Vitamin C is an important nutrient that may be low or deficient when the body is burdened with disease.

Vitamin C deficiency is reported to occur more frequently in patients with chronic disease, major depression, in hospitalized patients, post-surgical patients, radiation to the gastrointestinal tract, history of malabsorption, treatment with chemotherapy having intestinal or mucosal side effects, slow wound healing, or infection.

Symptoms of vitamin C deficiency include fatigue, myalgia, loss of appetite, weakness, poor wound healing, and edema or swelling in the lower extremities (i.e. legs, thighs, feet).

Vitamin C has important roles in supporting the immune system and decreasing inflammation.

Intravenous vitamin C bag

Abnormal cells respond very differently to vitamin C than when compared to the body’s normal cells when applied by intravenous injection. For example, such abnormal cells makes a rather rapid and sustained increase in hydrogen peroxide in response to vitamin C which results in a “rusting-effect” known as oxidative damage which damages or kills such cells. Normal or healthy cells do not respond this way with vitamin C intravenously.

Supportive ingredients alongside the vitamin C, to potentially address other deficiencies , may be considered to assist the body to further help harness the immune-system.

It is for some of the above reasons why vitamin C may improve quality of life and survival.

Further information from the National Institutes of Health (NIH)

and Current Oncology


The negative side effects of vitamin C IV are rare.  However, there are concerns and potential side effects to be considered:

  • Although it has been reported only once in the literature (Scot Med J 1979;24:151), necrosis, hemorrhage, and subsequent death after a single intravenous 10 gram dose of vitamin C should be the highest priority for safety. This is why smaller doses are typically used initially

  • Another report described acute oxalate nephropathy in a patient with bilateral ureteric obstruction and renal insufficiency who received 60 gram IVC. Consequently, the kidneys need to be working well enough before beginning and especially with higher dose infusions.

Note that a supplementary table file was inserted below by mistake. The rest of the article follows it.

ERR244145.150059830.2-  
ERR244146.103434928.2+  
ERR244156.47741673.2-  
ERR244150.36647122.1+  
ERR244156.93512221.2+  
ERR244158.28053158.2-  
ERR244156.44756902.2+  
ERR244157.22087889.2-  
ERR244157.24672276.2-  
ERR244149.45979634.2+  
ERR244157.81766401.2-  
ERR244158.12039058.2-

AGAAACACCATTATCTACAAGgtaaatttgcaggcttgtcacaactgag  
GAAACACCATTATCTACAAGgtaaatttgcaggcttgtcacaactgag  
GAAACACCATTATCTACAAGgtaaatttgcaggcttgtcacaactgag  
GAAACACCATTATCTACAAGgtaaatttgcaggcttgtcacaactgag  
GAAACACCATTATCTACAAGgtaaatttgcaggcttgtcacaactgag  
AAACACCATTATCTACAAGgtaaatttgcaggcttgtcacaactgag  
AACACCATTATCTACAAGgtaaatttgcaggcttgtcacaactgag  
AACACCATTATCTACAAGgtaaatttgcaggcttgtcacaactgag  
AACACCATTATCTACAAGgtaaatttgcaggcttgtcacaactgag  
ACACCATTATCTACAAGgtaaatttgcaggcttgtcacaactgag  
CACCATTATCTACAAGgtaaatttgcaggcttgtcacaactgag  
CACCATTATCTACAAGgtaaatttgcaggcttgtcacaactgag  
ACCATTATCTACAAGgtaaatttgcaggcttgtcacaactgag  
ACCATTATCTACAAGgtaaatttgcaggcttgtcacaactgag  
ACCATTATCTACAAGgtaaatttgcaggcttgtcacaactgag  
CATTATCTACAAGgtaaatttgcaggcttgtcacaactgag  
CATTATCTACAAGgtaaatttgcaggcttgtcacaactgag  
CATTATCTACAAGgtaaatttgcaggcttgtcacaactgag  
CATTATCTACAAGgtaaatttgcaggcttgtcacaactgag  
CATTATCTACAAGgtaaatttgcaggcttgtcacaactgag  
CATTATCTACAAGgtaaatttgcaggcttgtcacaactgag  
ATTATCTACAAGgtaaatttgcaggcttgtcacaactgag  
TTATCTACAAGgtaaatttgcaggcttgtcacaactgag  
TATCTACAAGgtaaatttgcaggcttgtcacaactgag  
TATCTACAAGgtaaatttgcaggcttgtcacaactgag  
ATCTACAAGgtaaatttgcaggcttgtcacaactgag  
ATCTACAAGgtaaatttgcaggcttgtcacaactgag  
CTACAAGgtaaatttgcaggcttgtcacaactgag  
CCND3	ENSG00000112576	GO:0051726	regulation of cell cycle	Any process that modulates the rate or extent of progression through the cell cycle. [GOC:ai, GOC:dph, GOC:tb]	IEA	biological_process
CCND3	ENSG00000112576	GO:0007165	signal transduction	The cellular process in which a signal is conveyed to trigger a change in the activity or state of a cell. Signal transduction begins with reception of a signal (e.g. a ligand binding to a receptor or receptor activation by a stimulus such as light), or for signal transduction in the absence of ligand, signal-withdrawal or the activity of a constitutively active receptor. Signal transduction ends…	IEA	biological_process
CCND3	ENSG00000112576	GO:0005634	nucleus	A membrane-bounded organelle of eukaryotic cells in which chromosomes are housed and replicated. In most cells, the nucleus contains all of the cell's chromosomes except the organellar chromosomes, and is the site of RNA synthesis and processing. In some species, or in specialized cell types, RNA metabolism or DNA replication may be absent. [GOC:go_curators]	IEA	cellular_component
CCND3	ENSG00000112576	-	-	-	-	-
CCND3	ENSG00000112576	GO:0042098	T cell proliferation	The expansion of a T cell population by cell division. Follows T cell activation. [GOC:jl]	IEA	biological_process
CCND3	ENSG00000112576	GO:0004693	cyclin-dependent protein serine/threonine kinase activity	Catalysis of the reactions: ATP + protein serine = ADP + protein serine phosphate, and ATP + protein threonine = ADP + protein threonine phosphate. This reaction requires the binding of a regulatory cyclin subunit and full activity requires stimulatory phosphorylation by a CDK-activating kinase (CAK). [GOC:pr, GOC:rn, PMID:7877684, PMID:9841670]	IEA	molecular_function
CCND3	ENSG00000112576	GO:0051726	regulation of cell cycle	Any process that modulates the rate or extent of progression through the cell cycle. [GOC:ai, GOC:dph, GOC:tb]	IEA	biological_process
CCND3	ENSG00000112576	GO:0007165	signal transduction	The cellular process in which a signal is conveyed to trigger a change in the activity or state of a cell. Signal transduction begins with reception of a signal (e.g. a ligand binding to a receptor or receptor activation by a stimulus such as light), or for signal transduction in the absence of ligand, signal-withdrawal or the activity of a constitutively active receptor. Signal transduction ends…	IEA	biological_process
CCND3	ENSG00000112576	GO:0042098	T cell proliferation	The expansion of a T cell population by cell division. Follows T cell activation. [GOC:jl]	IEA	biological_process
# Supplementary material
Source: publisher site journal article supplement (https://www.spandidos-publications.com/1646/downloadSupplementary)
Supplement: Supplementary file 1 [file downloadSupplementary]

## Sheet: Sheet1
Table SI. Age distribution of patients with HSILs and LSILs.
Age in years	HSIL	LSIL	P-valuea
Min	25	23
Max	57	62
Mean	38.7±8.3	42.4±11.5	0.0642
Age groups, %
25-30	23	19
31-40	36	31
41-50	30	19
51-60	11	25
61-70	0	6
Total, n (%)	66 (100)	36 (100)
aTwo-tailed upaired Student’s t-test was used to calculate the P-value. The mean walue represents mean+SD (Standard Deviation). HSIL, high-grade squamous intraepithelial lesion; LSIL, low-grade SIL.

• A rare hemolysis can occur in patients with a red cell glucose-6-phosphate dehydrogenase deficiency (G6PD) and so this may be screened.

  • Localized pain at the infusion site can occur if the infusion rate is too high or the pH too low.  This is easily corrected by either slowing the rate or adjusting the formula.

  • Vitamin C may decrease the levels of calcium, chloride, and potassium and as a consequence some patients may experience shakiness or ache. This may be assisted by adjusting the formula with those ingredients.

  • Given the amount of fluid and sodium that is used as the carrier for vitamin C, any condition which could be affected by the increased fluid load (i.e. congestive heart failure, ascites, edema, pleural effusion, etc.) needs to be monitored more closely and a tailored protocol given accordingly.

  • IVC may be dehydrating and cause a temporary lowering of blood sugar, and so proper hydration and nourishment needs to be emphasized prior

  • It may falsely read as very high  blood sugar if measured shortly after an infusion (i.e. vitamin C and glucose are almost identical in structure)

  • As with any intravenous injection, infiltration or vein irritation is possible

Basic Facts – Intravenous vs. Oral

  • Vitamin C levels in the body are tightly controlled by the bowels and the kidney’s (i.e. the body gets rid of it quickly)

  • Even by taking up to 18000mg per day orally in divided doses throughout the day, the blood levels do not change and do not exceed 0.2 mMol/L

  • Intravenous vitamin C bypasses the tight control by the body leading to a 70-fold higher blood levels with only a 2000mg injection

  • A simple injection of 5000mg of vitamin C produces a blood value of 3mMol/L and the research has shown that you can kill abnormal cells in the laboratory with values between 0.5 to 3mMol/L

Safety of Intravenous Vitamin C:

A 2010 study evaluating the use of vitamin C amongst practitioners revealed, after calculating over 750,000 yearly sales and estimated yearly doses of over 350,000 in 2008, and after evaluating over 9000 patients,  only minor side-effects were noted that  included lethargy/fatigue, change in mental status, and vein irriation.  Clinically, if these effects occur they are temporary and easily corrected.

Padayatty SJ et a. Vitamin C: intravenous use by complementary and alternative medicine practitioners and adverse effects.  PLoS One. 2010 Jul 7;5(7):e11414.

Overall Roles of Vitamin C:

  • Correction of possible vitamin C deficiency (i.e. fatigue, bleeding)

  • Immune-modulation / Immune system support

  • White blood cell support (they have 10-30x higher levels than the blood)

  • Wound healing support

  • Cytotoxic (i.e. stimulates hydrogen peroxide production)

  • Anti-angiogenesis
  • Hyaluronidase inhibition

  • Anti-inflammatory

  • Anti-stress and Anti-depressant properties